“Sombellatrol exposure,” Aaron explained. “Dr. Cunningham mentioned that it might have some side effects in people with extranormal cognitive talents, but we never saw any in the trials I participated in at ASI. Your reaction to the Usturanol was the first major incident Ken ever documented. Anyway, yeah—you can project into this world now, like us, although it’s…not as safe for you.”

Tamar frowned, resting her hand on her hip. “What’s your angle, Mathias? And how I do I get out of here?”

“Oh, you’ll wake up eventually. We all do. Well, we have so far anyway. Now, if that door opens, that may not be the case.” Aaron turned to face the door, squinting into the distance. “I can’t even keep the one the Fae implanted in my mind closed anymore. Not since the shit that went down in North Carolina a few weeks ago. And I end up standing near this thing every time I go to sleep now. All the dreamseers do. We’ve been discussing it for a few weeks…but it’s gotten worse. Other people are seeing it, too. Normal people—Eva Jimenez and a couple other hunters who worked with her in New Orleans have called me to ask about it. That’s what all these new islands of reality out here are: Nightmares, Tamara. The nightmares of all of humanity, and this door is using them like building blocks to construct a bridge through the Dreamlands.”

“So this thing is now projecting fully into the collective consciousness?” Tamara shuddered at the implications of that.

“Yep. What’s worse is, this reality can’t withstand the weight of it all. Eventually, it’s going to collapse into ours. And that’s not all. Sometimes, it—” The booming sound of a knock from the other side of the door stopped Aaron mid-sentence. The door shook on its hinges. Darkness and blood seeped out from beneath it; a flash of fire ringed the outline of the door in its frame for a split second before it settled back into position. As it did so, more islands popped into existence around them, bridging the gap in the gray between the nightmare realms and the door; the shadow and blood coalesced into tangible forms in the grey and leapt toward the islands, seeking cover on their surfaces like lurking beasts . “—does that.”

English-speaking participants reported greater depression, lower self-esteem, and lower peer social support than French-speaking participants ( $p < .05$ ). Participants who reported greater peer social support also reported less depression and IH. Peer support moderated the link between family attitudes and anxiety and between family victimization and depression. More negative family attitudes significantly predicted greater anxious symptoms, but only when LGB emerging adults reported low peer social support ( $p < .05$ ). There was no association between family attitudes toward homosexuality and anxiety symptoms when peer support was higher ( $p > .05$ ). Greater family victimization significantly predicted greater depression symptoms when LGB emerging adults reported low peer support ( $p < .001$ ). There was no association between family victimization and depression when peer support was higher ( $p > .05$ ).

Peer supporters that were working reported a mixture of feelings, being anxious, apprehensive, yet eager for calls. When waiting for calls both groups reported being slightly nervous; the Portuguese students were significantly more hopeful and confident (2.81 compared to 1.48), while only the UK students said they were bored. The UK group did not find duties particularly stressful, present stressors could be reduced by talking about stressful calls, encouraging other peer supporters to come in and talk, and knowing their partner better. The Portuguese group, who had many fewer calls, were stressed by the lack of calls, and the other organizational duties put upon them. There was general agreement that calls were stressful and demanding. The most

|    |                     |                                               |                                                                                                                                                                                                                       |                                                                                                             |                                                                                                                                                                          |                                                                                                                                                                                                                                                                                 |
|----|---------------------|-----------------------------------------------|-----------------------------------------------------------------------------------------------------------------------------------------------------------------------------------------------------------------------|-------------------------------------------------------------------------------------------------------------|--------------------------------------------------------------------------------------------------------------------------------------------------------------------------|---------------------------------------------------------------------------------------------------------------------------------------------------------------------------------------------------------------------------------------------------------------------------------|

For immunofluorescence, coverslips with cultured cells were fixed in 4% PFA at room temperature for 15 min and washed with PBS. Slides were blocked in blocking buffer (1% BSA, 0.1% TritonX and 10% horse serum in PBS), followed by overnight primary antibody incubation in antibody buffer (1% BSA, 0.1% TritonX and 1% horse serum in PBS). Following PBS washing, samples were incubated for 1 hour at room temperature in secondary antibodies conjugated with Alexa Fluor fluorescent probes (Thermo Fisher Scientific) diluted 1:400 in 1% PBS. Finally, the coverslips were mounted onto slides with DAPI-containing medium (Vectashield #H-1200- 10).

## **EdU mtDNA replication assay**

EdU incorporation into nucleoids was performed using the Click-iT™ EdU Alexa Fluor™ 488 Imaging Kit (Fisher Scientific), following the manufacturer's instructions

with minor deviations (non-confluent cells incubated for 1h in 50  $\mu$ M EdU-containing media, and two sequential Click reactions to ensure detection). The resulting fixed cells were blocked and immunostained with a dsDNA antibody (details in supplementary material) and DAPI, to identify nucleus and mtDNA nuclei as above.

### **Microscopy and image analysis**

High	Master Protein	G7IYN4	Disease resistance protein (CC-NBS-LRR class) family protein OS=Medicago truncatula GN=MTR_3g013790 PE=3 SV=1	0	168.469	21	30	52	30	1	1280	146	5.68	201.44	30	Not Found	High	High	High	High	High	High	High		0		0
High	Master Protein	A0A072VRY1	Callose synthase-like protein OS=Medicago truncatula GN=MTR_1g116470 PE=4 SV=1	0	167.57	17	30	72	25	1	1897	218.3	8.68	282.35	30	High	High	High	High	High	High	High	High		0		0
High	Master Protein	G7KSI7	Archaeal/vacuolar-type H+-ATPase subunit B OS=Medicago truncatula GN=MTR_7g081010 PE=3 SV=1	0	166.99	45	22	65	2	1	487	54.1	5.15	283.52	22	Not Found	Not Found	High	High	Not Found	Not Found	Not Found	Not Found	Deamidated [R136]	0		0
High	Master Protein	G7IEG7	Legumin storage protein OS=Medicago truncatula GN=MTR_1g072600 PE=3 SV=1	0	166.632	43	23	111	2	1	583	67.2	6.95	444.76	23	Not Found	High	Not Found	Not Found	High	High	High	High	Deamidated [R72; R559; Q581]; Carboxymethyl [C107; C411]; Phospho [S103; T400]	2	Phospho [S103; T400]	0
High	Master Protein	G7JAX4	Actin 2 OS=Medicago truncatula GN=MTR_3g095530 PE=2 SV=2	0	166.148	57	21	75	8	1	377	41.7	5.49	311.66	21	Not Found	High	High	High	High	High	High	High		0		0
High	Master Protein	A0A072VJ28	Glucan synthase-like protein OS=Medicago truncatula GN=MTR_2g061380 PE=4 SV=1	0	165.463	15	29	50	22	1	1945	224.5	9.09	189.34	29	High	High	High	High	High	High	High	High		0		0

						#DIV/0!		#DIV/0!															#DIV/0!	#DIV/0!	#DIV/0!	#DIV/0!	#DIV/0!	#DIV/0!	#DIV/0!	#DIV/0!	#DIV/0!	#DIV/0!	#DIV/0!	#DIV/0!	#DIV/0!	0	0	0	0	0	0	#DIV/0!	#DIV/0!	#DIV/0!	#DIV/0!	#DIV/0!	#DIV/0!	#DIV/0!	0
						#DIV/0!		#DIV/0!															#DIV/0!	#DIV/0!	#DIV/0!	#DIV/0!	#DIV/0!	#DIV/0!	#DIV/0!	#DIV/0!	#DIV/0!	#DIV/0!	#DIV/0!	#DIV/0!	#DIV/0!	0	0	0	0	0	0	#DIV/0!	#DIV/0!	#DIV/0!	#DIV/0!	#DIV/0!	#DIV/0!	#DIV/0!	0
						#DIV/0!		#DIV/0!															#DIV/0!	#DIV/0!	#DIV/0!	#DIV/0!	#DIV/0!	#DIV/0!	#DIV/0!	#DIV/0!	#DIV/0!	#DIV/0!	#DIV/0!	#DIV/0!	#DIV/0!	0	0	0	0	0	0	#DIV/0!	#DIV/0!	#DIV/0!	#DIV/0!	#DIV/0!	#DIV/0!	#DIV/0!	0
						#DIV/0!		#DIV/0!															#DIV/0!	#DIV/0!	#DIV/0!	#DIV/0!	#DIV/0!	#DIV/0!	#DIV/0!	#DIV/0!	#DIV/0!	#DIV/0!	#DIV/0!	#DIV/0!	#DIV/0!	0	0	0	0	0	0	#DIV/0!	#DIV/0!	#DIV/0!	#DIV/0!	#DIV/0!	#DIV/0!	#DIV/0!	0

“Fuck me,” Tamara exclaimed. “Have you figured out a way to stop it?”

“Nope,” Aaron responded, “but we can sure as hell guard it. And we can kill anything that gets out. But we need your help, and the help of people like you—or folks like Miles Jaggens. Get Ken to dispense the rest of his Sombellatrol supply to them. If they all dose up, we can bring them here…and give humanity something new to believe in.”

“You’re talking about macroneural projection,” Tamara said, realizing what Aaron had in mind. “Every telepath we can find beaming a signal back into humanity to counteract the effect the door has on their collective psyche.”

“Exactly,” he said. “Adrian Skaar’s decision to go public, and Harry McCoy’s release of the Secret Frequency’s archives on E-GaDS, has informed people—they’ve revealed to the entire world a real idea of what we’re fighting against for the very first time. It’s also opened everyone’s minds to perceiving new layers of reality. The Patrons will exploit that. So we’ve gotta push back.”

“Alright,” Tamara said. “I’m in. But what sort of vision do you need me to project?”

“This.” Aaron glanced over her shoulder at Lourdes and Karen, and nodded, then closed his eyes and bowed his head, breathing in deeply. The air around them shimmered, and their forms contorted, their shapes drastically altering within the span of mere seconds.

All around Tamara, the gathered dreamseers began to change forms, their dream avatars forming a vanguard before the door—some animals or armored knights, others mythical beasts or clockwork war machines that nearly defied description. Where Karen had stood, there was now a golden heron as tall as a horse. Lourdes’ body coiled as it morphed, becoming a rainbow serpent with feathered wings. Aaron, too, changed.

His avatar had no eyes. A gaping hole peered from its humanoid face, its head haloed in gossamer webs of spidersilk and wreathed in barbed chains. A serene mouth smiled peacefully beneath the maw, contrasting in a beautifully terrifying fashion with the violent pose the winged figure struck. Shining metal plates lined its body, and it held a short blade of silver in both of its slender hands, each maybe eighteen inches long.

It turned to Tamara and spoke in a hollow tenor; Aaron’s voice echoed faintly behind it. “Gather the telepaths, Tamara, and bring them here, every night. Get them to tell the world our story. Give them all a dream to help beat back the nightmares.”

Then the winged figure raised its blades, and the dreamseers took flight, diving toward the islands to begin their hunt.